Ed McLoughlin was sitting at one of the tables set up on what is normally the warming track of Citi Field’s diamond. In a green-tartan kilt, white shirt and black jacket, he was telling stories of a musical band for the FDNY that dissolved in the late 1950s.
As he continued to discuss how the Emerald Society Pipes and Drums first officially performed in 1962, he was told to go into the tunnels of the ballpark: guests were arriving and he needed to join his fellow musicians to get ready.
Firefighters, active and retired, families and friends celebrated the 50th anniversary of the music group that has become a symbol of New York’s Bravest on Saturday, September 15
“We have a lot of tradition in the band,” said drum major Liam Flaherty. “We really look up to the senior guys, without them we’d be home tonight watching TV. It’s all because of them and their hard work years ago; they put the time in and created the great organization that it is.”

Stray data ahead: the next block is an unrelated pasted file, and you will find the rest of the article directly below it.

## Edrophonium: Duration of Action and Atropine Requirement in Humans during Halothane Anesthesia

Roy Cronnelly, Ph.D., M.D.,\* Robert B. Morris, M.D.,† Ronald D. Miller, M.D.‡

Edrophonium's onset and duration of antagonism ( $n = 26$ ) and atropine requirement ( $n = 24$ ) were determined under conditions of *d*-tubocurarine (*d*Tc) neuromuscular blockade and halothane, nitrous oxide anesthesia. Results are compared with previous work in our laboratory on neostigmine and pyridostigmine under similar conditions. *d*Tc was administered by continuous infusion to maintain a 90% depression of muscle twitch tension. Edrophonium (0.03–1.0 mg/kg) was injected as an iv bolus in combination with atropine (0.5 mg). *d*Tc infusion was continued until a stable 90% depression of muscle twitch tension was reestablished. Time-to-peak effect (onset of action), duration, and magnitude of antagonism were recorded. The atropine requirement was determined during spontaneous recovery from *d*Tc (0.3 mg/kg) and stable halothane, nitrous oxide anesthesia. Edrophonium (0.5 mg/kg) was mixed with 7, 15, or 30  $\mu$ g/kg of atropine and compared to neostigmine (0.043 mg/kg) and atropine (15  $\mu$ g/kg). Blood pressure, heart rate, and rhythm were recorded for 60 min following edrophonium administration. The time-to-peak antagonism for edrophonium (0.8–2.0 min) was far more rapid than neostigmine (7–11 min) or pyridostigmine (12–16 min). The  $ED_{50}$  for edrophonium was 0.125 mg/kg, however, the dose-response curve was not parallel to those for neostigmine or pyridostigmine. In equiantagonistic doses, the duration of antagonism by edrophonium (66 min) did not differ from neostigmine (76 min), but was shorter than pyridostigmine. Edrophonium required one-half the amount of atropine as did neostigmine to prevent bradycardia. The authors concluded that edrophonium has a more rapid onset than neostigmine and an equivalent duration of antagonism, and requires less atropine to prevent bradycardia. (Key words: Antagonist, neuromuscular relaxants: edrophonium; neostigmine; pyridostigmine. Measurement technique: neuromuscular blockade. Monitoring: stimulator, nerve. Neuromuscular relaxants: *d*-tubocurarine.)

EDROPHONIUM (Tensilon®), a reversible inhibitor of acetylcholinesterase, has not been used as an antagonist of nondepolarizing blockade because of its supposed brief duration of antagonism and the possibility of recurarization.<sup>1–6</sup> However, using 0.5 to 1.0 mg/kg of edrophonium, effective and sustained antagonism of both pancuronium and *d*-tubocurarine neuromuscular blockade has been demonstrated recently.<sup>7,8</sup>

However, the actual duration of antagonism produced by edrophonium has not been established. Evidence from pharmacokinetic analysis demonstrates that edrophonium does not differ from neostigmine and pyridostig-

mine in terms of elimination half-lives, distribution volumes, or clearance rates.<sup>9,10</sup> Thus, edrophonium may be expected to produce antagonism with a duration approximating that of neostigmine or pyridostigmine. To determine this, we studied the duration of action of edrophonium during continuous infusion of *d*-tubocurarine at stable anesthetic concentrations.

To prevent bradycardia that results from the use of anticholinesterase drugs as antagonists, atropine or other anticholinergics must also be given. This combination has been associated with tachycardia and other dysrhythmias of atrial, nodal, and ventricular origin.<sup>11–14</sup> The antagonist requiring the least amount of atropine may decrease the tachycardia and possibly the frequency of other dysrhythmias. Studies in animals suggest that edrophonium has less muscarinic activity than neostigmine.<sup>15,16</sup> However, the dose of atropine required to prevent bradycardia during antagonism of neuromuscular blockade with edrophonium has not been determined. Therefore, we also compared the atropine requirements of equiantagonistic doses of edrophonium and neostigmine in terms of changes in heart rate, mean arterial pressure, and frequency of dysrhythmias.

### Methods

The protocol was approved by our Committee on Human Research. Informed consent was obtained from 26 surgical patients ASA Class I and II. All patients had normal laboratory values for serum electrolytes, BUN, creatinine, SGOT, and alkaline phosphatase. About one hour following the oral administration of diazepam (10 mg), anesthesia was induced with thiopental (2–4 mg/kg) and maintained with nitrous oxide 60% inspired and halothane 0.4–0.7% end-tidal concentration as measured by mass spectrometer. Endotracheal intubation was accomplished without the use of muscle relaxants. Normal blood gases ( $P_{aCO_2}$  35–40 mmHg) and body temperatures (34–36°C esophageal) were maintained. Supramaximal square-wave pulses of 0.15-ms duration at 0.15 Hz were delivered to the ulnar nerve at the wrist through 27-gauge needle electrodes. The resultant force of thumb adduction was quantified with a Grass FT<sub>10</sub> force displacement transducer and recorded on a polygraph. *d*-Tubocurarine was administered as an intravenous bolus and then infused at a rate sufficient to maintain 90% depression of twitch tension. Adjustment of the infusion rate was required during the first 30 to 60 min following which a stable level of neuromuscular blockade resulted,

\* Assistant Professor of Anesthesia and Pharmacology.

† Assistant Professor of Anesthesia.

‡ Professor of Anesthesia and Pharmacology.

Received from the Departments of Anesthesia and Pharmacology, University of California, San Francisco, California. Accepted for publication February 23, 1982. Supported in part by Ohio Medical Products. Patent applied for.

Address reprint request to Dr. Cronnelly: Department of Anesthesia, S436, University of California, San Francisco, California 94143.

They have performed for ceremonial events and funerals. Every St. Patrick’s Day since 1963 they have marched down Fifth Avenue to celebrate the Celtic heritage that is commonly associated with the FDNY.
The group formed after a meeting in September of 1961, McLoughlin said, with 12 pipers and five drummers — three snare drums, one bass and one tenor. Their first performance was just more than a year later, in November of 1962.
Five founders took the field with their comrades for the 50th celebration; six have passed on, McLoughlin said. Some, however, were not able to make it.
“It’s a great feeling,” he said. “It’s a great tribute to the [FDNY] members of Irish extraction.”
While the Emerald Society celebrates St. Patrick’s Day every year, they have also taken part in putting their fallen friends to rest. Following the 9/11 attacks, Pipes and Drums took part in more than 450 funerals, nationwide and even in Europe.
Flaherty — who took over as drum major in 1996 — echoed that there were times for remembering and times for celebration.
“It’s a celebration of 50 years of good times, bad times and it’s always nice when the band gets together for something positive,” he said.
Flaherty said a neighbor saw him get on the elevator in his uniform and instantly assumed the worst.
“A guy in my building said ‘oh no,’ he looked at me and said ‘are you going to another funeral?’ I go ‘no, no, today’s a great day — we’re celebrating 50 years.’”